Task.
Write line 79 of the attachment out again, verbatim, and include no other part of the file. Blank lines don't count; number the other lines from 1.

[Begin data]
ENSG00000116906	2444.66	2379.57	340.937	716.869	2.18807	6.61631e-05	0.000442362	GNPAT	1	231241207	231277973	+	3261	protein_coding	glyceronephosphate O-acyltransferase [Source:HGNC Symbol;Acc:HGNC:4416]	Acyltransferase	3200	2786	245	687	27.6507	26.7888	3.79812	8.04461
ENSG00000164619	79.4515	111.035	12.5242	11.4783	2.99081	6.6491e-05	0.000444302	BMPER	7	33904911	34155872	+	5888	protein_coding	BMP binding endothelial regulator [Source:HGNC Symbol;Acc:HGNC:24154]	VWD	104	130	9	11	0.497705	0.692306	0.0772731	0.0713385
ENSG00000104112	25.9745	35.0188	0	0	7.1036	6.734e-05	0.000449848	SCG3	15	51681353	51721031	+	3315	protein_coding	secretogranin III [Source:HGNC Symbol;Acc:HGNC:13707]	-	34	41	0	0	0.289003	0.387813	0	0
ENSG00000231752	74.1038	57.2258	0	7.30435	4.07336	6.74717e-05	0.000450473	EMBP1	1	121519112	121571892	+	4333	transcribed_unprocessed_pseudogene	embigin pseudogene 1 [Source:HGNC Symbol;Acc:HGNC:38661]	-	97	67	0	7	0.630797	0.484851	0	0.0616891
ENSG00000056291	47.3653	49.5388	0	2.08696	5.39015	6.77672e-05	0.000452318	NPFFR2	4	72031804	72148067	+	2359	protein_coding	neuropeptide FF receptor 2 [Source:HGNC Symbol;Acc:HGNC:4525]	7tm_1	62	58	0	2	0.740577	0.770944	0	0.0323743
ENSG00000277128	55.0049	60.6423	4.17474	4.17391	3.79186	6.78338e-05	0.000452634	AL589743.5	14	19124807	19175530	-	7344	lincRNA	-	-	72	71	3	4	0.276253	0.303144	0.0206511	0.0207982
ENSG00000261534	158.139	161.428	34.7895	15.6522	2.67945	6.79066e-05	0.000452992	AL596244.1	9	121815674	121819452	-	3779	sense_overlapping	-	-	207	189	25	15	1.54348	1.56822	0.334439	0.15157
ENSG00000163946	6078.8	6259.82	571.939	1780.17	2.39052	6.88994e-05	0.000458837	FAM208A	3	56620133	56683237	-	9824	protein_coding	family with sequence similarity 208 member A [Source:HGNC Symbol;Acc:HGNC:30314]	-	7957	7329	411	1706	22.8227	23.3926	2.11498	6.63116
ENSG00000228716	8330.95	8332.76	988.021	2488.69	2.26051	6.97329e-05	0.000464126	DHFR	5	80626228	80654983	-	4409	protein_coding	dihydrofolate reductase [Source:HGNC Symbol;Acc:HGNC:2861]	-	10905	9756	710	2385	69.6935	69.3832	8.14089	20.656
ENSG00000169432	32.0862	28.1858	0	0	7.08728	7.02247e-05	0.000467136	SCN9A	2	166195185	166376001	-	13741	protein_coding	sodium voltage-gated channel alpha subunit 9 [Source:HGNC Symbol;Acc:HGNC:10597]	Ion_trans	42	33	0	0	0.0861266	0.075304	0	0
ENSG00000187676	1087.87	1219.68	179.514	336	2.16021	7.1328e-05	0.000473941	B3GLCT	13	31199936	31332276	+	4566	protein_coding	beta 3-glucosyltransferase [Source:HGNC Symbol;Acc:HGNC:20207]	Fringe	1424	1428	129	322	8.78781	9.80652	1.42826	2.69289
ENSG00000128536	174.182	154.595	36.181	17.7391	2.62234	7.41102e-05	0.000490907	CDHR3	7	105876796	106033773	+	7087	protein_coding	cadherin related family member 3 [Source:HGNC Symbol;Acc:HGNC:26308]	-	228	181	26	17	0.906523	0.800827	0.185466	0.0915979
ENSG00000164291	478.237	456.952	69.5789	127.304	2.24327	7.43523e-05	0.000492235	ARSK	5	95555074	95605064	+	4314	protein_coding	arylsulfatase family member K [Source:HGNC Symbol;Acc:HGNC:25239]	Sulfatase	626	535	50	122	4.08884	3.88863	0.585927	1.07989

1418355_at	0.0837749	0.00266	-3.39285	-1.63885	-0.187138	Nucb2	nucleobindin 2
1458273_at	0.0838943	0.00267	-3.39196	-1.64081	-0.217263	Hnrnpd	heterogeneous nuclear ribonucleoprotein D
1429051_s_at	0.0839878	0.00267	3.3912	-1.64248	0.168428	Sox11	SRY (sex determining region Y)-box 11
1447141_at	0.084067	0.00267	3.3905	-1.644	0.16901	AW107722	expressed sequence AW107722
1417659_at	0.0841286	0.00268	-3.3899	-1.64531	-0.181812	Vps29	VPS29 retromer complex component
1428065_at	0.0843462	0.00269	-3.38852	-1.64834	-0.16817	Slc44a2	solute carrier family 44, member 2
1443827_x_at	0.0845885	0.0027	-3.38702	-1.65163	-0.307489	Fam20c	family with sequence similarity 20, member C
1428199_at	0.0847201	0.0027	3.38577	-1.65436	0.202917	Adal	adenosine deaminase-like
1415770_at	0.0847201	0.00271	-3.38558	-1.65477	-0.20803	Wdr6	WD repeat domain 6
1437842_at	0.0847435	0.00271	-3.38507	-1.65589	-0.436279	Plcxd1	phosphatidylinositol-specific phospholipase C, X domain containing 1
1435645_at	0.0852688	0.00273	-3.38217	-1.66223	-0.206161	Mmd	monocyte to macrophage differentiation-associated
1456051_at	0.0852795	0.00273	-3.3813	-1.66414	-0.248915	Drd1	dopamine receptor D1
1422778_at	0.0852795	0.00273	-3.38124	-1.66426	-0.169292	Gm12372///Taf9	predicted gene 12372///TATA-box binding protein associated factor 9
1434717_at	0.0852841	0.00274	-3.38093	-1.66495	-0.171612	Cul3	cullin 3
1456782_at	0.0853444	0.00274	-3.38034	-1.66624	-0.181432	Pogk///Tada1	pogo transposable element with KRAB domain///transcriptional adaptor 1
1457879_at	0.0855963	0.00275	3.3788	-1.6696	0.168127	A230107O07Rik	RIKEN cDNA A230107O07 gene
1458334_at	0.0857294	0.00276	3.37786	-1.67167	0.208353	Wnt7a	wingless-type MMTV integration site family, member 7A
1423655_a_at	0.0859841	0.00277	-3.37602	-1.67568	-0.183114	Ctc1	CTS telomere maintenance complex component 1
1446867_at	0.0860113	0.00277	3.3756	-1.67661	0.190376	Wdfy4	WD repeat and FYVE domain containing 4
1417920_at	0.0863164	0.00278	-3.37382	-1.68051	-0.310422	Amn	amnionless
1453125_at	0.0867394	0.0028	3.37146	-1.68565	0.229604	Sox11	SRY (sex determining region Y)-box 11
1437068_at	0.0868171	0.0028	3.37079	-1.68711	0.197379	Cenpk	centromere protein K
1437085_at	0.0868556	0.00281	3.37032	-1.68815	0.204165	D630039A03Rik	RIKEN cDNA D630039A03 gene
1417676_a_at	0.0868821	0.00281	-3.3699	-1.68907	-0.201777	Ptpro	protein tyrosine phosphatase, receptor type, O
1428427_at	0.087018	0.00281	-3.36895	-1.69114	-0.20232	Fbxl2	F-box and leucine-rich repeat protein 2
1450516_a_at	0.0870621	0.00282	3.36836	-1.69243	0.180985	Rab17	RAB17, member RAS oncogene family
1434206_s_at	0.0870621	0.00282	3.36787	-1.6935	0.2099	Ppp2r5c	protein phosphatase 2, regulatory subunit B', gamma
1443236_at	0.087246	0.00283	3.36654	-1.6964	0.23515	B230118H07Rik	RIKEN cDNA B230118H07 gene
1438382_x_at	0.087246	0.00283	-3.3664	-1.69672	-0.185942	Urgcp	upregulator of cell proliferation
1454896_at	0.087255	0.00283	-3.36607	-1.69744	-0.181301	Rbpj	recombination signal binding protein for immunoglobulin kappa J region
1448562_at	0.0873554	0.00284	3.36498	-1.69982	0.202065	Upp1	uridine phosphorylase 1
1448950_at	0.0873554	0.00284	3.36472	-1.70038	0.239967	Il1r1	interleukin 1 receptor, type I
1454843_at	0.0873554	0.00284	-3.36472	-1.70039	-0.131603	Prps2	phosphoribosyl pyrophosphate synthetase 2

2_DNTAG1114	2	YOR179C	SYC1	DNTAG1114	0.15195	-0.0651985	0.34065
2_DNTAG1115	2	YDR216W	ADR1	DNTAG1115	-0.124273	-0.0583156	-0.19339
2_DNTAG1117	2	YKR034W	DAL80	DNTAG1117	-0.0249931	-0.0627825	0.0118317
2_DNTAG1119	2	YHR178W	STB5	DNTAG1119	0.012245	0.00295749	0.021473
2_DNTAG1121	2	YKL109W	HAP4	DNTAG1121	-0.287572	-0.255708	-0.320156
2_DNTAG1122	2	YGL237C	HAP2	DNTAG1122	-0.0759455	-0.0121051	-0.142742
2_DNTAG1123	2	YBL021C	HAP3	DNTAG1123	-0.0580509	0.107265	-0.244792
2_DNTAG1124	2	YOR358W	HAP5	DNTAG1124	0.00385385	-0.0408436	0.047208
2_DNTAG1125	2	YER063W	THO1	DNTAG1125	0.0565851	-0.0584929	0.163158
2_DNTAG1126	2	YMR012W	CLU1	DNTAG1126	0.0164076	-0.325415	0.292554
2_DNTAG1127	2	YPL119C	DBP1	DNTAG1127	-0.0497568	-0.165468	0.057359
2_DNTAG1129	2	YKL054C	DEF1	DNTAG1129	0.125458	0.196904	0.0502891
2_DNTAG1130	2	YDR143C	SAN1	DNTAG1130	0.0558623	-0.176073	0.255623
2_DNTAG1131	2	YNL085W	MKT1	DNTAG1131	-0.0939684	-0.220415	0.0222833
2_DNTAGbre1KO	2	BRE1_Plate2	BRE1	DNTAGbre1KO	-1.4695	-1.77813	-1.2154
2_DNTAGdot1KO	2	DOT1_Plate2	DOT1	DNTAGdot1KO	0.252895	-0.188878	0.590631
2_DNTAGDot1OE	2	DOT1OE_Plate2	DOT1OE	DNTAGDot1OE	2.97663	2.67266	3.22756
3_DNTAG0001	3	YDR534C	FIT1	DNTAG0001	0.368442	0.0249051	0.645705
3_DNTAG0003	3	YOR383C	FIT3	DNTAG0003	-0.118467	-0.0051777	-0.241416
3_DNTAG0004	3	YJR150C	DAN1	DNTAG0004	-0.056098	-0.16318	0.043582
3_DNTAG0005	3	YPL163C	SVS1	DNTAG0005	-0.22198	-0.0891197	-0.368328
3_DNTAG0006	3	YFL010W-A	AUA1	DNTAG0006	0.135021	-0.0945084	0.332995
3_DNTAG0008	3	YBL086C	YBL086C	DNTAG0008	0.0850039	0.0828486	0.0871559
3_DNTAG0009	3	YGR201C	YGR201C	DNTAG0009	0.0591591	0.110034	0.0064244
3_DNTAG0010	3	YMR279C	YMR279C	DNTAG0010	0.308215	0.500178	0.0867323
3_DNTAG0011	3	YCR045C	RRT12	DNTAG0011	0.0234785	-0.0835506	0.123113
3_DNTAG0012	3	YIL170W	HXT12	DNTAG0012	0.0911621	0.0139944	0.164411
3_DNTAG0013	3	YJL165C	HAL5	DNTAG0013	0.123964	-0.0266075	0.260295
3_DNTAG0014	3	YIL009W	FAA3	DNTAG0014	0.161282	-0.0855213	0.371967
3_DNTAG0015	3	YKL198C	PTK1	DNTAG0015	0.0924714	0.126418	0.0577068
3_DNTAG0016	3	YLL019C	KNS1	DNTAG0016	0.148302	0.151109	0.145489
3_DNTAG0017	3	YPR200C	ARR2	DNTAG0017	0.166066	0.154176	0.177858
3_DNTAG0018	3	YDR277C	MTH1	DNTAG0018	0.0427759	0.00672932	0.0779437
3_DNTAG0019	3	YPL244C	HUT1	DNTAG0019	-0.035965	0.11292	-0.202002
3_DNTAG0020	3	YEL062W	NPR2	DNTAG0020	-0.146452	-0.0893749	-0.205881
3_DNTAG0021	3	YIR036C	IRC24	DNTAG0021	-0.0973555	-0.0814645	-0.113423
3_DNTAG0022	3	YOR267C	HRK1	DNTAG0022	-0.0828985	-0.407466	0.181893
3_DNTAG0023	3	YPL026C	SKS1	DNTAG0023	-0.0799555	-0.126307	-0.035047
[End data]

3_DNTAG0018	3	YDR277C	MTH1	DNTAG0018	0.0427759	0.00672932	0.0779437